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Q and A with Kresge’s new Health Program Officer Erica Browne

Health

Kresge’s Health Program recently welcomed Erica Browne as a new program officer. Browne, who most recently served as a faculty affiliate with the California Initiative for Health Equity and Action, will support the team’s work to advance community-driven solutions and build equity-focused systems of health that create opportunities for all people to achieve well-being.

Communications Officer Kate McLaughlin asked Browne a few questions to get to know her and to hear how she will approach her work at the foundation.

Q: What excites you most about being on Kresge’s Health Team?

A: Everything, literally! There is so much for me to learn and contribute to within our team and the foundation. I am excited to learn more about the tools of philanthropy and how they can be applied to our team’s focus areas. I am excited about the range and depth of experience of our team. And, most importantly, I am excited about the incredible opportunity to fully embody Kresge’s values of stewardship, partnership and equity in service of the bold ideas and actions necessary to actualize racial justice in our work.

Q: What passions do you bring to this work?

A: I have a deep passion for public health, creative expression and the joy of life. As a public health practitioner, I am really interested in how to creatively and strategically use the tools of public health research, practice and policy to improve community-level health outcomes. Part of that passion and practice is to hold, with compassion, the tensions that confound our shared responsibility to imagine a new health system while we diligently work to improve the one that exists. Having a sense of humor, and finding joy in seemingly simple things, definitely helps.

Q: How has your background and experience informed and influenced the role you want to play at the foundation?

A: I was born in Los Angeles and spent summers at my great grandparents’ farm in Covington, Tennessee. Both places nurtured my imagination, determination and curiosity. My great-grandparents were sharecroppers with an incredible work ethic that enabled them to eventually own a farm. My mother — like her mother, grandmother and other Black women in our family — picked cotton as a girl, then went on to become a physician. Growing up, there were so many experiences within my family, the neighborhoods where I lived, and schools I attended that shaped my sense of well-being. It was in college that I was given a language to describe the myriad social, political, economic, cultural, behavioral and biological factors that shape health. And now, I think about public health as collage, because it often feels like a practice of bringing together, to layer, seemingly disparate textures, colors, resources, people and perspectives in order to create a composite of potential solutions. The inherent contrasts and juxtapositions is where I see the most beauty and opportunity in public health work. All of my personal experiences, as well as what I have learned from my 20 years of public health experience, is what I intend to contribute to help create the conditions for health and well-being in historically disinvested and disadvantaged communities.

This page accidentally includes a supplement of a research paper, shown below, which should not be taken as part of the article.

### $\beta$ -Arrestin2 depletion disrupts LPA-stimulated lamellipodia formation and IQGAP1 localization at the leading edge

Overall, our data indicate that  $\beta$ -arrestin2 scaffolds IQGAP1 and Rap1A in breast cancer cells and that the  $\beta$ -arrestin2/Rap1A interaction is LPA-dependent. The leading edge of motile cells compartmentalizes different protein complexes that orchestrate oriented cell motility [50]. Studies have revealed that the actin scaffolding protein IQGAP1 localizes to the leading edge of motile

Q: What do you see as the most urgent need(s) when it comes to improving the health and well-being of people and communities?

A: I whole-heartedly believe that economic opportunity, substantive civic education and participation, and stories, music and art that open our hearts are indispensable to the process of building the political will and collective power necessary to improve the health and well-being of people and communities. Having previously worked within well-resourced health organizations, I am acutely aware of how institutions shape health and the social factors that confound our ability to live, fully. The crises of COVID-I9, racial injustice and economic inequity have brought into focus the need to address the structural factors that impede community well-being. And, as a result, we have an opportunity to reframe how we think about and respond to urgent needs within, and across, our communities.

Q: What is a good book that you’ve read recently that you’d recommend?

A: Gil Scott-Heron’s “Now and Then” is a short collection of poems, songs and liner notes that provide satire, spiritual reflection, cultural affirmation and history lessons all while offering a beautiful reminder of his extraordinary talent, transparency and wisdom. Reading and reciting words from his audio-recorded work deepened my appreciation for his gift of rhythm, and I would recommend this book as a poignant reminder of how so many things come back full circle.

Q: What other areas of Kresge’s work are you most interested in learning more about?

A: I am looking forward to learning more about the Social Investment Practice and the Detroit program. Because my understanding of community economic development is rather theoretical, I look forward to learning about how Kresge deploys a range of financial assets to help create more equitable opportunities for economic well-being and health. I also feel that the Detroit program will provide me with an invaluable orientation to the context of so much of Kresge’s work and unique approach as a foundation.

Kresge staff is working remotely, and our offices are closed until further notice.  See our promise to partners during COVID-19.
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